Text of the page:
On 15 December the Fabryka Broni Łucznik-Radom board confirmed that semi-automatic variant of the MSBS-5,56K/Grot C16 (MSBS-5,56 new name, 2017-09-05) in classic configuration (non-bullpup) chambered in 5,56×45 mm/.223 Remington, will be avalible on the civilian market in the first quarter of 2018.
First pieces of semi-auto MSBS-5,56K rifles were developed near the end of 2014 and shown at 2015 SHOT Show. / Photo: Remigiusz Wilk
As MILMAG found out, Radom Factory already completed several prototype rifles set up with semi-auto trigger mechanisms. The internal trials are planned to start in January 2018. The semi-auto Grot S will closely resemble it’s military variant. The ability to easily change the barrel will be carried over from the select-fire version, which means that in the future we may expect the other barrels avalible for sale (shorter, longer or heavy-profile).
Outside differences from the military version (MSPO17: Grot for WOT, 2017-09-10), (MSBS-5,56 rifle for WOT and WS, 2017-06-07) other than markings, are lack of full-auto position on the fire-selector and slightly altered muzzle device, which doesn’t allow for the use of bayonet. Grot S will have a diffrent lower reciever that will not accept the select-fire trigger mechanism.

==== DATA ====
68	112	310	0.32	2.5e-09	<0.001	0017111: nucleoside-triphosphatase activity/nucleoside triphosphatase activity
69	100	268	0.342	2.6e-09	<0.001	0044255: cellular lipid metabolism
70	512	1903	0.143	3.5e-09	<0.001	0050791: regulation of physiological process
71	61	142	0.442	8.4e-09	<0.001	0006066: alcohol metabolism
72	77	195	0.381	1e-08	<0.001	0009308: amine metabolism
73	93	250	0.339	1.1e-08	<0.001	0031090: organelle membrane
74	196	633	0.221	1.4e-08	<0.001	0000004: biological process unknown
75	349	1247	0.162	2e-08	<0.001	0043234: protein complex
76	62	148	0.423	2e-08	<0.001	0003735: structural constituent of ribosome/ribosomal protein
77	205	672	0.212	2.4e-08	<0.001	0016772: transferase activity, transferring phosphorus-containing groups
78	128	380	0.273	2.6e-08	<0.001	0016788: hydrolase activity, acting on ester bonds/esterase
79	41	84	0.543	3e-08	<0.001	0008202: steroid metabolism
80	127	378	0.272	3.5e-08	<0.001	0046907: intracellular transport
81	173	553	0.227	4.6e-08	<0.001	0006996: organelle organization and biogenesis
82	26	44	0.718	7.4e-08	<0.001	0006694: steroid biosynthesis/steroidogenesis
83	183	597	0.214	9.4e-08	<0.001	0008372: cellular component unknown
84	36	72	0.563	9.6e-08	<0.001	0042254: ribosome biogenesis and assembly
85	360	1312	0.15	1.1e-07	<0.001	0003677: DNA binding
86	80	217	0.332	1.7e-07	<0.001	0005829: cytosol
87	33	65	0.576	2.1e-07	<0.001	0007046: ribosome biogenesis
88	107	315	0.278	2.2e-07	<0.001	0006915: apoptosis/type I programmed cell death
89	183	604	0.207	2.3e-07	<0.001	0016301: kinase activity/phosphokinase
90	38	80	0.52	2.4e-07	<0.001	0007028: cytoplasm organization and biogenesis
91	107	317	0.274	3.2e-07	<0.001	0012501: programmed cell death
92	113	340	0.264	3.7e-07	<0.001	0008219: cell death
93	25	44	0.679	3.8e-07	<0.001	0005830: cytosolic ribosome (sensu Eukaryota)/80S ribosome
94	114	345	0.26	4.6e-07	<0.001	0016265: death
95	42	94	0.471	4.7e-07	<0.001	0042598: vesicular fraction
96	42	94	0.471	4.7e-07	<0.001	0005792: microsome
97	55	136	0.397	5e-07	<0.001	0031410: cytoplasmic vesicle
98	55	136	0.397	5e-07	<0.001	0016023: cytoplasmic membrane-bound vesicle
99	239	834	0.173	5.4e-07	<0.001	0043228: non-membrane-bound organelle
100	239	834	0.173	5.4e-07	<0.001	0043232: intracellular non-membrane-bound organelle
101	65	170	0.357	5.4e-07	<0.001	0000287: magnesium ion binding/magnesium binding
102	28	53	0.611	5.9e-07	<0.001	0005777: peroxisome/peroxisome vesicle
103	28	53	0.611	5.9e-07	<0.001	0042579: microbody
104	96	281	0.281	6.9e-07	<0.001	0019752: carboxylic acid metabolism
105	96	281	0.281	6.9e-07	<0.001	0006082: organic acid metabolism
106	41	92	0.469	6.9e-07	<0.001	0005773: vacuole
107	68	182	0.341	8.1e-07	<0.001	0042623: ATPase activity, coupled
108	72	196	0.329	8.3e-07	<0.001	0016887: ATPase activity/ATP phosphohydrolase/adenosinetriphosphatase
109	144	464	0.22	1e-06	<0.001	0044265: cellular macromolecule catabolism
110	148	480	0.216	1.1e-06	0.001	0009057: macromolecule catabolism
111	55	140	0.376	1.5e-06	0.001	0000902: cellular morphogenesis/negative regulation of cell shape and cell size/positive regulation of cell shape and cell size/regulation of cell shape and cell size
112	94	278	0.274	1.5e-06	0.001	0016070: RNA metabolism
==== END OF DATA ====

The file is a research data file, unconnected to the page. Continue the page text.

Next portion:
To comply with the European and American laws, the bolt carrier won’t be compatible with the military variant as is with the Radom Sport rifles (civilian version of wz. 96 Beryl rifles). That’s also the reason behind the altered muzzle device mentioned earlier. The bolt carrier will also lack some of the tungsten weights used in military variant to prevent the bolt from bumping out of battery during full-auto fire. This change will also reduce the felt recoil of the Grot S.
Another difference is the changed barrel rifling in the semi-auto MSBS-5,56K. The military barrels have 1:7 rifling to stabilize the 62-grain projectiles of the M193/M855 5,56×45 mm NATO rounds. Grot S will have the 1:9 twist rate (as in Radom Sport rifles) to help with lighter 55-grain projectiles often found in civilian .223 Remington rounds. The 16-inch barrel will end with a non-pinned birdcage-type flash hider sitting on 1/2×28 threads, to allow for use of any commercial muzzle device compatible with that thread.